- Serious mis-steps with the Bib Gourmand. This was where the Michelin Guide should have really shined in Hong Kong. Hong Kong is a veritable treasure trove of cheap no-frills places that serve outstanding eats. And they flag up Cafe Siam? Lian at IFC? That place is gar-bage. Crystal Jade? 1/5 Nuevo on Star Street? I’m sorry, but not even close. This is where the criticism of no (or not enough) Chinese judges is truly vindicated. Chinese judges would’ve been much more on-the-ball with finding better spots to highlight with the Bib Gourmand than the chain restaurants at high end malls that got their plaudits. Where’s Lan Fong Yuen for milk tea and other Cantonese diner specialities? No place serves Bib Gourmand worthy roast meats? No hidden treasures at any of the da pai dangs at the wet markets?
If the point of a guide like Michelin is to get people talking and debating where to eat and who serves the best this and that, then mission accomplished. If the point was to become a guide locals use and respect, well, try again next year.
I stuck my head into the not-yet-opened Hong Kong Fatburger this afternoon and had a brief chat with some obvious non-locals with an authoritative look who informed that the shop should open by Saturday November 8th. The inside of the shop has really filled out and it looks basically finished.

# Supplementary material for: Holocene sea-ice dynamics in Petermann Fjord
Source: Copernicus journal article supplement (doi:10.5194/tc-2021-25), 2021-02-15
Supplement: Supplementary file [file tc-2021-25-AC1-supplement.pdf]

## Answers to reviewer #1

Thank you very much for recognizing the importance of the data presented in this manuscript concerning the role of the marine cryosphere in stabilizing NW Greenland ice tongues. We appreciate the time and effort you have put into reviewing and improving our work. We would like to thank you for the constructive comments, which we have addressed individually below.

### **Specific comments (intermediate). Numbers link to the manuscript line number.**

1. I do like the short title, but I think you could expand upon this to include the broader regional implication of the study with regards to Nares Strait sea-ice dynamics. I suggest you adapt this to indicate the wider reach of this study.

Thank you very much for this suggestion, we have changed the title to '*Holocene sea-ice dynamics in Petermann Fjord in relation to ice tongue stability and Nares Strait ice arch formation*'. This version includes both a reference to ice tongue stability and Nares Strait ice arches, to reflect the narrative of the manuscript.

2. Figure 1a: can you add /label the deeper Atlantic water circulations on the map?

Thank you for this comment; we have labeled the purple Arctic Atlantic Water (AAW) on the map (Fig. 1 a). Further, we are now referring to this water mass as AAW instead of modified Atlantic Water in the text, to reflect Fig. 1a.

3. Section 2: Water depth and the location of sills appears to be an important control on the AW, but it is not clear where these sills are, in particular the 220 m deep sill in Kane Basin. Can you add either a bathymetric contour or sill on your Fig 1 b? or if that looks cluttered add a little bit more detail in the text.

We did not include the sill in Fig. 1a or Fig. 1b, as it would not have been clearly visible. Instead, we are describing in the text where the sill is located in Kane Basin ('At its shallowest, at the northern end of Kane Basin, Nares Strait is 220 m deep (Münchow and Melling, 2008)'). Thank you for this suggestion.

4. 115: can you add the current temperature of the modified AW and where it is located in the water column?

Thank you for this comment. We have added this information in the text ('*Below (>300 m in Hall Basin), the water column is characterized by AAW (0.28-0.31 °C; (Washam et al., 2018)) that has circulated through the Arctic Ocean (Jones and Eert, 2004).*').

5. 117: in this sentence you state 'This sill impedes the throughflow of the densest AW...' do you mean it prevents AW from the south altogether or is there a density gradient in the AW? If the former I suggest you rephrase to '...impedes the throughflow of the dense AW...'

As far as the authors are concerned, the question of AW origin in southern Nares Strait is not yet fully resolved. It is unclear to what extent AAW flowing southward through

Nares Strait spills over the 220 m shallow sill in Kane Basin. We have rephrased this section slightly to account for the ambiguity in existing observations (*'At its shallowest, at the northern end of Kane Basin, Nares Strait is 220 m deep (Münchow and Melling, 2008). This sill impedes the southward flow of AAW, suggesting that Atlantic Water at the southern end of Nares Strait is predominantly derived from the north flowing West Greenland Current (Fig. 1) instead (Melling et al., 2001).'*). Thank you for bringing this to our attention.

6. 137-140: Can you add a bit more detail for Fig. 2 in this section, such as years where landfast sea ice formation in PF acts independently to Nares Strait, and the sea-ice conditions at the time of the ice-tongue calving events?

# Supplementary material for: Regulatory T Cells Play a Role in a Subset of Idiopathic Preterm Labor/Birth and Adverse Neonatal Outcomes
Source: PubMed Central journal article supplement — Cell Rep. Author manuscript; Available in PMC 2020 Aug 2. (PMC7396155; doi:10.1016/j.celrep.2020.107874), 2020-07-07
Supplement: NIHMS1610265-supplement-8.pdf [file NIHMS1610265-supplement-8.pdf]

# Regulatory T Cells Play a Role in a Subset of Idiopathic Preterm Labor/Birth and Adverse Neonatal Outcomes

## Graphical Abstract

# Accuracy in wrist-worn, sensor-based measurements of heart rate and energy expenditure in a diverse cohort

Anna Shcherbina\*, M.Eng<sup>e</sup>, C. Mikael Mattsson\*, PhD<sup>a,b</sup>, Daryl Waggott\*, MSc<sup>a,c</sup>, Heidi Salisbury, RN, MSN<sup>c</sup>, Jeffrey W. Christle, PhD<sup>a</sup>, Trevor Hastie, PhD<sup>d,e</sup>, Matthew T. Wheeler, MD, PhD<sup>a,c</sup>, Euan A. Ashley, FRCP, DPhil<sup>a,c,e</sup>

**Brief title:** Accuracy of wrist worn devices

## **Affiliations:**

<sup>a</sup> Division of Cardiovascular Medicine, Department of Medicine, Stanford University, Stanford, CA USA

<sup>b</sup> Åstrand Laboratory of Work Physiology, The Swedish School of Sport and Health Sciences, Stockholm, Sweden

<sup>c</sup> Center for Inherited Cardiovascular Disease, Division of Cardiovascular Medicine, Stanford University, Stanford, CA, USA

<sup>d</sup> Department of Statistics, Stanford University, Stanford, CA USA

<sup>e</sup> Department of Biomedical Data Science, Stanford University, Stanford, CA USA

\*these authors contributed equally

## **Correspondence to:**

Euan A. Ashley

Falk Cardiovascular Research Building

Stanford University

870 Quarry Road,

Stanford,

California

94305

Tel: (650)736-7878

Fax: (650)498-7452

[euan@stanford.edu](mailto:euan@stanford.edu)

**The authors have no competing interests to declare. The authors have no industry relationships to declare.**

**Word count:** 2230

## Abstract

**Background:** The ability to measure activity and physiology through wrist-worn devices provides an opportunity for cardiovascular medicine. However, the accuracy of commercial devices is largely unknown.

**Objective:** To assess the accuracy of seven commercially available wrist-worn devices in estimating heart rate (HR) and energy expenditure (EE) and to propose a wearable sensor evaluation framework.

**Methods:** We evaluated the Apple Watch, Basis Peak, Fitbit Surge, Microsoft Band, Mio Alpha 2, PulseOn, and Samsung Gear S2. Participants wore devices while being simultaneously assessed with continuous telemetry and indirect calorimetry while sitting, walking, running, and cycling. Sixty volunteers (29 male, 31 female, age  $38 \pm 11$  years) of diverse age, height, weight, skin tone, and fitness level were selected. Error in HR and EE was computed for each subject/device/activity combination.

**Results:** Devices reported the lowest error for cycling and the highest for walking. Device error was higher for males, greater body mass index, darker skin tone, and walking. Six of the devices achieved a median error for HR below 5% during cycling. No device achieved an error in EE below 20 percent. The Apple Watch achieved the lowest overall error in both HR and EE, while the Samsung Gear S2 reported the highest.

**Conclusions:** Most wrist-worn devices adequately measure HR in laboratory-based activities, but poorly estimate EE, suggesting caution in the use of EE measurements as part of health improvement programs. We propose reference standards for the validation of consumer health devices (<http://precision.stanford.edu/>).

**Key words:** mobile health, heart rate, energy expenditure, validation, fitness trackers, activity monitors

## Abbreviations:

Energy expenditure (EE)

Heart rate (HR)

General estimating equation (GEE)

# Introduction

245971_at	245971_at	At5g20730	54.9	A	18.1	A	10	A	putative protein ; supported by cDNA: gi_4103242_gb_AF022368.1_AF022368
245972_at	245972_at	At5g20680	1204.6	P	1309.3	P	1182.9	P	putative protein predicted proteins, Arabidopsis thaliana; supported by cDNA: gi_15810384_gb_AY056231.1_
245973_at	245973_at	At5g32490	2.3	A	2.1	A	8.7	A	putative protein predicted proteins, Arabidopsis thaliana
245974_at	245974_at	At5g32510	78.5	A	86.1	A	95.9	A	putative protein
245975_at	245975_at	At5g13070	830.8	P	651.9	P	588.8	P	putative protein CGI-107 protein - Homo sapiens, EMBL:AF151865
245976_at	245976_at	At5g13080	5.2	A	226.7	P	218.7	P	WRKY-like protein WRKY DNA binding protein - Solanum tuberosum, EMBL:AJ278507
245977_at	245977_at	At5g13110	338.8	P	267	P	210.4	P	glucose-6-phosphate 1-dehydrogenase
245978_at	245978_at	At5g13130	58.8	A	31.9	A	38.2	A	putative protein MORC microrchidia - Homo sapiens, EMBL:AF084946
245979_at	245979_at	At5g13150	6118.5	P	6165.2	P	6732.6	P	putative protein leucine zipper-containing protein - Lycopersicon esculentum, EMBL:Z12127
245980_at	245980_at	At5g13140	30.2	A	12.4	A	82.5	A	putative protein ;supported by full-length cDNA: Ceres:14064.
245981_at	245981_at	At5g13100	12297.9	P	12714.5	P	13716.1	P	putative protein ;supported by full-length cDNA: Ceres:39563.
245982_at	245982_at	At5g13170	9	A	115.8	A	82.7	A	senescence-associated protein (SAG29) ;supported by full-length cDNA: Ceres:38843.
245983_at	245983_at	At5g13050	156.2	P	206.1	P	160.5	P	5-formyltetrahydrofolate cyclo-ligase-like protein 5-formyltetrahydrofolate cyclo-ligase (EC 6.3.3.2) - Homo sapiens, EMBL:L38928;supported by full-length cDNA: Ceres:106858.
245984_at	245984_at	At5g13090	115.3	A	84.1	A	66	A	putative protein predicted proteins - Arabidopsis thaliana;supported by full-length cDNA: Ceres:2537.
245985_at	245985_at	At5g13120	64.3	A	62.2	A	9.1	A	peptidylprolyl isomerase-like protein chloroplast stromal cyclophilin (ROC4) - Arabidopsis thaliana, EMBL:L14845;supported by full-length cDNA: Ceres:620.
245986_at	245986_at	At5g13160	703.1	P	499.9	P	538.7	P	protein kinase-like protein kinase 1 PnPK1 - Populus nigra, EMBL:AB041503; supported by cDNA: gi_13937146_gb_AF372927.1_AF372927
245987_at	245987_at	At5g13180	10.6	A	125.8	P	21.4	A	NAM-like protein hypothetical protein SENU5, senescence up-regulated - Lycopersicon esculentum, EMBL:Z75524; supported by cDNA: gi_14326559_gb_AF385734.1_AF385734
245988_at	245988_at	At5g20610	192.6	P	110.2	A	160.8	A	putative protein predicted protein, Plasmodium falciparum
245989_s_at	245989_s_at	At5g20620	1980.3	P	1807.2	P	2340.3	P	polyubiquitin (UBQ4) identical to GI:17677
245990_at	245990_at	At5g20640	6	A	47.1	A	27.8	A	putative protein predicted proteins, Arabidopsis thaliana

Calendar circled, fasting begun.
UPDATE: Given that the shop is now open, the Drudge-style siren has been removed.
First Bear Stearns going out of business. Then Lehman Brothers going bankrupt. AIG is teetering. Even Iceland is in trouble. I’m not going to lie to you – those hurt. But this news from today is end-of-days-book-of-Revelations hurt.
Hong Kong’s Krispy Kreme franchisee announced plans to enter liquidation and immediately close five of their seven stores. The two remaining locations at the airport will remain open for the time being, at least until creditors meet on November 12. After that, it’s not looking good.
Does this situation not scream for government intervention?
I know that Nator and I will hold close the memories of eating several Original Glazed while sipping some surprisingly decent coffee at the Mong Kok location.
It’s not all bleak for Krispy Kreme in Greater China. Earlier this month, the mothership in America announced plans to open 35 stores in mainland China over the next five years. Beijing, Shanghai and Tianjin are first with, hopefully, others cities to follow (Wuhan?). Fortunately, Krispy Kreme awarded the franchise to Korea’s Lotte Group (the franchisee in Korea and Japan), rather than the bozos that ran Krispy Kreme Hong Kong into the ground.